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Elements of operation strategy

Operations strategy comprises six components :
1. Positioning the production system
A. Product Focused
B. Process Focused
2. Focus of factories and service facilities
3. Product/Service design and development.
4. Technology selection and process development
5. Allocation of resources to strategic alternatives
6. Facility planning.

Description of operation strategy

1. Positioning the production system,- It involves selecting the product design, the
production system and the inventory policy for the finished goods for each product line
A). Product Focused- Generally employed in mass production organizations, where there are
groups of machine, tools and workers arranged according to their respective tasks in order to put
together a product.
B).Process Focused-It is designed to support production departments that perform a single task
like painting or packing. These system are highly flexible and can easily be modified to support
other product design.

2. Focus of factories and service facilities
3. Product/Service design and development.

4. Technology selection and process development,- Thorough analysis and planning of the
production processes and facilities. Every step in the process of production is planned in detail.
The technology to be used in the production process is selected from range of options
5, Allocation of resources to strategic alternatives- Production companies have to
continuously deal with the problem of scarce resources like capital, machine and materials and
so on. As these resource inputs are vital to production activities, their shortages can influence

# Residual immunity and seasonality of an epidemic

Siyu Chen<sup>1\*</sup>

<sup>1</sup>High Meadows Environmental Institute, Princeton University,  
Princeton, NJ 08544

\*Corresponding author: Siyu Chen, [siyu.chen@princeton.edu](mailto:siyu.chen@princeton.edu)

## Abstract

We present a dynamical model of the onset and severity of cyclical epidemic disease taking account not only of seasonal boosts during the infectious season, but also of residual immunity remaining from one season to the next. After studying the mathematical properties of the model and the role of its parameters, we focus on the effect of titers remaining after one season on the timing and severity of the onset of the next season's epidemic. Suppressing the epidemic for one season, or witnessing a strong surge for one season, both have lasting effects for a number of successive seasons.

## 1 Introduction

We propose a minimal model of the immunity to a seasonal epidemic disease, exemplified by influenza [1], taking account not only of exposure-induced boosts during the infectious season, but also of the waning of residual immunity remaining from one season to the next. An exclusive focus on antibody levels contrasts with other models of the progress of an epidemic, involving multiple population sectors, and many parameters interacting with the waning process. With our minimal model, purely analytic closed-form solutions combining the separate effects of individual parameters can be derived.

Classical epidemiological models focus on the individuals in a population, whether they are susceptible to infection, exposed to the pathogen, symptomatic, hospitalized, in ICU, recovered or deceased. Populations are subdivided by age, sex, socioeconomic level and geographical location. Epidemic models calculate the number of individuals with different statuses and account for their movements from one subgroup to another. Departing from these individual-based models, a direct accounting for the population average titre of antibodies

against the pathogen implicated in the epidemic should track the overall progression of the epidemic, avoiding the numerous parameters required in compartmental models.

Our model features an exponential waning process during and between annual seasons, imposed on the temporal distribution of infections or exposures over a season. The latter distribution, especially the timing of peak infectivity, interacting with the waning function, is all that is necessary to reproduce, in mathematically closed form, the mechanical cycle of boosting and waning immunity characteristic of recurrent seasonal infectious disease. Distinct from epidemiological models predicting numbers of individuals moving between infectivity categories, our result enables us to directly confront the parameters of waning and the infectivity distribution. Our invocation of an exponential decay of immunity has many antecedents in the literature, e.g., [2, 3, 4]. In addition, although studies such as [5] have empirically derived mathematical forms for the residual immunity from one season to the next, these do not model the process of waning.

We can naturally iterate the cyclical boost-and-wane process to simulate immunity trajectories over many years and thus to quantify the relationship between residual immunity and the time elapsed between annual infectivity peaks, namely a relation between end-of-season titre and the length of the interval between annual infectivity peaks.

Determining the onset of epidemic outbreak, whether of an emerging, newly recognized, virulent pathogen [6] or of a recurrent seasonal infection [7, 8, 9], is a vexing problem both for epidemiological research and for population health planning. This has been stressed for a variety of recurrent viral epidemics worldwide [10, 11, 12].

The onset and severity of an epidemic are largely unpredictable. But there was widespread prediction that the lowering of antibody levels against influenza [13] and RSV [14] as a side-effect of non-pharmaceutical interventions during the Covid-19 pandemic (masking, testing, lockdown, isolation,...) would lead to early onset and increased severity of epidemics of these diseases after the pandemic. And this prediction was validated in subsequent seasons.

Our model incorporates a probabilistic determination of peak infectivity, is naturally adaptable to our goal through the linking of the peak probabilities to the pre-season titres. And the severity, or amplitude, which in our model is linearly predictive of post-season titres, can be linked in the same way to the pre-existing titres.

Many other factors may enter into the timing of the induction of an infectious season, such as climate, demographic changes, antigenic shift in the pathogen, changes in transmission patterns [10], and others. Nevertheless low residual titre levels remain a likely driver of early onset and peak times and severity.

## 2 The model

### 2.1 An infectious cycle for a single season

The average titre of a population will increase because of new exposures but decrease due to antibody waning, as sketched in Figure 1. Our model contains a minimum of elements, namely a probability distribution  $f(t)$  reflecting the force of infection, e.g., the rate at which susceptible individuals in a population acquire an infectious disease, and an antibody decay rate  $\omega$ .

production performance significantly. Hence the operation manger have to plan the optimal use
of resources, both in terms of minimizing wastage, and in terms of their allocation to the best
strategic use.
6. Facility planning.
The location of the production facilities is one of the key decisions an operation manager has to
make since it is critical to the competitiveness of the organization.
Setting up production facilities with adequate capacity involves massive initial investment.
Strategically right options should be carefully weighted against all available alternatives. These
decisions also influence the future decisions on probable capacity expansions plans.
Operation managers also make decisions, i.e. decision on internal arrangement of workers and
department within the facility

1. General locational factors
2.Specific locational factors
3. Primary factors
4. Secondary factors
a. Proximity to markets:
b. Supply of raw material:

Facility location is the process of determining a geographic site for a firm’s
operations.Managers of both service and manufacturing organizati ons must weigh
many factorswhen assessing the desirability of a particular site, including proximity to
customers andsuppli ers, labour costs, and transportation costs. Location conditions
are complex andeach comprises a different Characteristic of a tangible (i.e. Freight
rates, productioncosts) and non-tangibl e (i .e. reliabil ity, Frequency security,
quality) nature. Locati onconditions are hard to measure. Tangible cost based
factors such as wages and productscosts can be quantified preci sel y i nto what
makes locations better to compare. On theot her hand non- t angi bl e f eat ur es,
whi ch r ef er t o such char act er i st i cs as r el i abi l i t y, avai labi lity and security, can
onl y be measured al ong an ordinal or even nominal scale.Other non-tangibl e